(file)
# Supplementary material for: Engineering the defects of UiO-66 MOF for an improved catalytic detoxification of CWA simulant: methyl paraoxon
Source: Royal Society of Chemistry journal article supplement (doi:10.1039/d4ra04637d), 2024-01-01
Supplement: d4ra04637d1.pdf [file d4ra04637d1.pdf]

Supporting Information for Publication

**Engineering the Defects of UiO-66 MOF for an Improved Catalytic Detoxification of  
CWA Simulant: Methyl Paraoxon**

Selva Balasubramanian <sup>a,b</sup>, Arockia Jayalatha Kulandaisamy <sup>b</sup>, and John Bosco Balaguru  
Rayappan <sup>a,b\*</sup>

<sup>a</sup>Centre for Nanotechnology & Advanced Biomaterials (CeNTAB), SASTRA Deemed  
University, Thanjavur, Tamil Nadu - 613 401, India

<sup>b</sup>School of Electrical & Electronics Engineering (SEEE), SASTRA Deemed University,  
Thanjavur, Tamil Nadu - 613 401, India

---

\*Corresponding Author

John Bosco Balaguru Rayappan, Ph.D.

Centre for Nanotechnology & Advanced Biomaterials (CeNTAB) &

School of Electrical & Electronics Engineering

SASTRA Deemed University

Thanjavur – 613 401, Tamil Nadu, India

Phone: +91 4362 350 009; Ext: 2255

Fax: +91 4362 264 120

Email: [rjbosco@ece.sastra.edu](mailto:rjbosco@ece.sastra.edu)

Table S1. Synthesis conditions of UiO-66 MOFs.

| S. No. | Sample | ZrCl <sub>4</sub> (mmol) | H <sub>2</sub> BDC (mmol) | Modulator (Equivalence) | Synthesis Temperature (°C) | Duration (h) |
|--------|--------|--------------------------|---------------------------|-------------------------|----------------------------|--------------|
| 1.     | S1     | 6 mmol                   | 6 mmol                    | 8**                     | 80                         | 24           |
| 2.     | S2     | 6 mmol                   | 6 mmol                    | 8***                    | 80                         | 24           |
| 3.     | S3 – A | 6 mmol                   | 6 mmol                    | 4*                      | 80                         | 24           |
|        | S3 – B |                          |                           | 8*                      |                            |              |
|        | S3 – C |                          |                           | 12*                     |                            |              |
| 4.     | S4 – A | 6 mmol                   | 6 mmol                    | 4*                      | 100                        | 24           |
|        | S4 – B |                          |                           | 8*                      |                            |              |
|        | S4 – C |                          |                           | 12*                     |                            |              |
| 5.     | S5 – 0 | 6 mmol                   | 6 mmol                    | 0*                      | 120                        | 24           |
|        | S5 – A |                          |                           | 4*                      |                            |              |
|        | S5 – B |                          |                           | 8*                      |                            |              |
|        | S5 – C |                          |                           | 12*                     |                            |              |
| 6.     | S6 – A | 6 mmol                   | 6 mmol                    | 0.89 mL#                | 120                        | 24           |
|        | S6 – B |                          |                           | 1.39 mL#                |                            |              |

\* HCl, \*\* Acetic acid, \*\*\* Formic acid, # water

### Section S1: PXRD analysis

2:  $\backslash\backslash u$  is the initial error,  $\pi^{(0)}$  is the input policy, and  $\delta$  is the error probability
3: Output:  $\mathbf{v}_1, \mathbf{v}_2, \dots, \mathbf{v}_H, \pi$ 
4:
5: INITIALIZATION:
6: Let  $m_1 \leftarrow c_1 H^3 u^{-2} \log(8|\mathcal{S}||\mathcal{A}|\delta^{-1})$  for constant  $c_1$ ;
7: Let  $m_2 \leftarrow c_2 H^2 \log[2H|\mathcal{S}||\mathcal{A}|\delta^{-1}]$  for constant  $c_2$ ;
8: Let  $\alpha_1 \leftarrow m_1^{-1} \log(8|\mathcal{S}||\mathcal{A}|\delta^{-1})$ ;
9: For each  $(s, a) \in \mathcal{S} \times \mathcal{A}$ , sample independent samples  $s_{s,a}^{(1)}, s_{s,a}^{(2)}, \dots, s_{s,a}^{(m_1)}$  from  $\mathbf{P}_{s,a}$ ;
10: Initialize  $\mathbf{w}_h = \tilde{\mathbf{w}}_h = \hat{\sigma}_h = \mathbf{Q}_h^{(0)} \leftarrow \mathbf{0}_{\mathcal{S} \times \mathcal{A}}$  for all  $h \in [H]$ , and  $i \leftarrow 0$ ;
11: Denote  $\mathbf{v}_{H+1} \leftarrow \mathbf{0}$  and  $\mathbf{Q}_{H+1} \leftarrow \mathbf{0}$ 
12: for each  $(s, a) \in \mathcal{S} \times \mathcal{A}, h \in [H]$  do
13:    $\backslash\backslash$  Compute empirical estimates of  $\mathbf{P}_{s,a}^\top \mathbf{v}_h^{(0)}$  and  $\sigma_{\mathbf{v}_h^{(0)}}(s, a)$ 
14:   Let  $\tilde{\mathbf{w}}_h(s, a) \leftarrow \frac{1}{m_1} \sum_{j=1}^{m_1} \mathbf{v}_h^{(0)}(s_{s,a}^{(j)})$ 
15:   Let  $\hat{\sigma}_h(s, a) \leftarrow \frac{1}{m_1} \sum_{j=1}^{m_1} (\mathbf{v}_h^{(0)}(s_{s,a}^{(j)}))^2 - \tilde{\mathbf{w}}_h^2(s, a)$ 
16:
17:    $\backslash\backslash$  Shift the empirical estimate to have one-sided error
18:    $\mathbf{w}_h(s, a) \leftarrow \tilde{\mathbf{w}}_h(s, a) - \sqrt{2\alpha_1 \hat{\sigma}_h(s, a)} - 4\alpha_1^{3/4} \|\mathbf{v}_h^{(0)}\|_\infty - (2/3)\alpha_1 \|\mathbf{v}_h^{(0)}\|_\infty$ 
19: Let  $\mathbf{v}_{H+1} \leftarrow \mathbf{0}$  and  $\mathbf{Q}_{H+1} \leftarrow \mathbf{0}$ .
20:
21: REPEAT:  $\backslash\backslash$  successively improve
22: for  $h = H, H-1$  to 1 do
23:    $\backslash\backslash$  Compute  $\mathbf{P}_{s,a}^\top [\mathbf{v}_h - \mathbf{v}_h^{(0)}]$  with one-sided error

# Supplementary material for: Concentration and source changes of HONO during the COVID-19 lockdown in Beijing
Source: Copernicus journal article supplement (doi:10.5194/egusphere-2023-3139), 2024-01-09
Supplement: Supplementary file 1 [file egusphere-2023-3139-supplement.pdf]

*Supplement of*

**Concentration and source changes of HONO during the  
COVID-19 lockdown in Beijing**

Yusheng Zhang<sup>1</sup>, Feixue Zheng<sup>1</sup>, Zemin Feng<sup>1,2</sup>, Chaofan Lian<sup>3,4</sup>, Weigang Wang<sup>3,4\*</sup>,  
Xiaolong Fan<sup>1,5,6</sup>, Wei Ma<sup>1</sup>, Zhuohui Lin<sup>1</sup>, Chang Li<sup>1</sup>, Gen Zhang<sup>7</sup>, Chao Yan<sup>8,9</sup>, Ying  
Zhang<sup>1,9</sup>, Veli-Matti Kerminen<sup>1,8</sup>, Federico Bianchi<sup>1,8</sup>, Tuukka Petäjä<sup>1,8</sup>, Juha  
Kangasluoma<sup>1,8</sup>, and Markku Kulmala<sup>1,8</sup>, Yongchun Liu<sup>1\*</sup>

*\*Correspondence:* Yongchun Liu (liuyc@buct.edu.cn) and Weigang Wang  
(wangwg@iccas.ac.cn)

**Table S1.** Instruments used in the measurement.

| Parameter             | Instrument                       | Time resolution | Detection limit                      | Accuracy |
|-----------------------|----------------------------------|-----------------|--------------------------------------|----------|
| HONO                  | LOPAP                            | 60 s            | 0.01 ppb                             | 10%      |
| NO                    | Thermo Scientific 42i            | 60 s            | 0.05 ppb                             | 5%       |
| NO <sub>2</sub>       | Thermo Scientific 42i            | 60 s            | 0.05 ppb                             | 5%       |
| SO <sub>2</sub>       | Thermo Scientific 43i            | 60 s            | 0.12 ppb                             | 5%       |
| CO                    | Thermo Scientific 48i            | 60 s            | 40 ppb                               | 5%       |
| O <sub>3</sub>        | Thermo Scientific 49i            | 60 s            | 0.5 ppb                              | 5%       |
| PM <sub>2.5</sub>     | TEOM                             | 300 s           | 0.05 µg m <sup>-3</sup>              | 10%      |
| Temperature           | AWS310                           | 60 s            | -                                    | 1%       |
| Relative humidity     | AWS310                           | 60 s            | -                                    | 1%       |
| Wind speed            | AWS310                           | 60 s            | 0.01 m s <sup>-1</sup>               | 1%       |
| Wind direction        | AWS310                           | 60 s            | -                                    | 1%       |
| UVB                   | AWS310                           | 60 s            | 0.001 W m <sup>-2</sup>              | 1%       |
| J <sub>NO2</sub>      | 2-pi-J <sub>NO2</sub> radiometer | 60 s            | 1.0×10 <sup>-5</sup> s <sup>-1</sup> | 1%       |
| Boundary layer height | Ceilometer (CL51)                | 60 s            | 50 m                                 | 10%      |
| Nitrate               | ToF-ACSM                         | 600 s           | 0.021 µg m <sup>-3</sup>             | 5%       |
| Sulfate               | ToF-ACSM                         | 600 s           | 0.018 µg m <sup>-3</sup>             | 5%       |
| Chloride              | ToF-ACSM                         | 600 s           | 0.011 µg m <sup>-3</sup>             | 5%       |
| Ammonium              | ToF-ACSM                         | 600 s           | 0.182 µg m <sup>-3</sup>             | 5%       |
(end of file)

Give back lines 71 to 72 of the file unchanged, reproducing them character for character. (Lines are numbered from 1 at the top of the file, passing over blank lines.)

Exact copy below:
Xiaolong Fan<sup>1,5,6</sup>, Wei Ma<sup>1</sup>, Zhuohui Lin<sup>1</sup>, Chang Li<sup>1</sup>, Gen Zhang<sup>7</sup>, Chao Yan<sup>8,9</sup>, Ying  
Zhang<sup>1,9</sup>, Veli-Matti Kerminen<sup>1,8</sup>, Federico Bianchi<sup>1,8</sup>, Tuukka Petäjä<sup>1,8</sup>, Juha  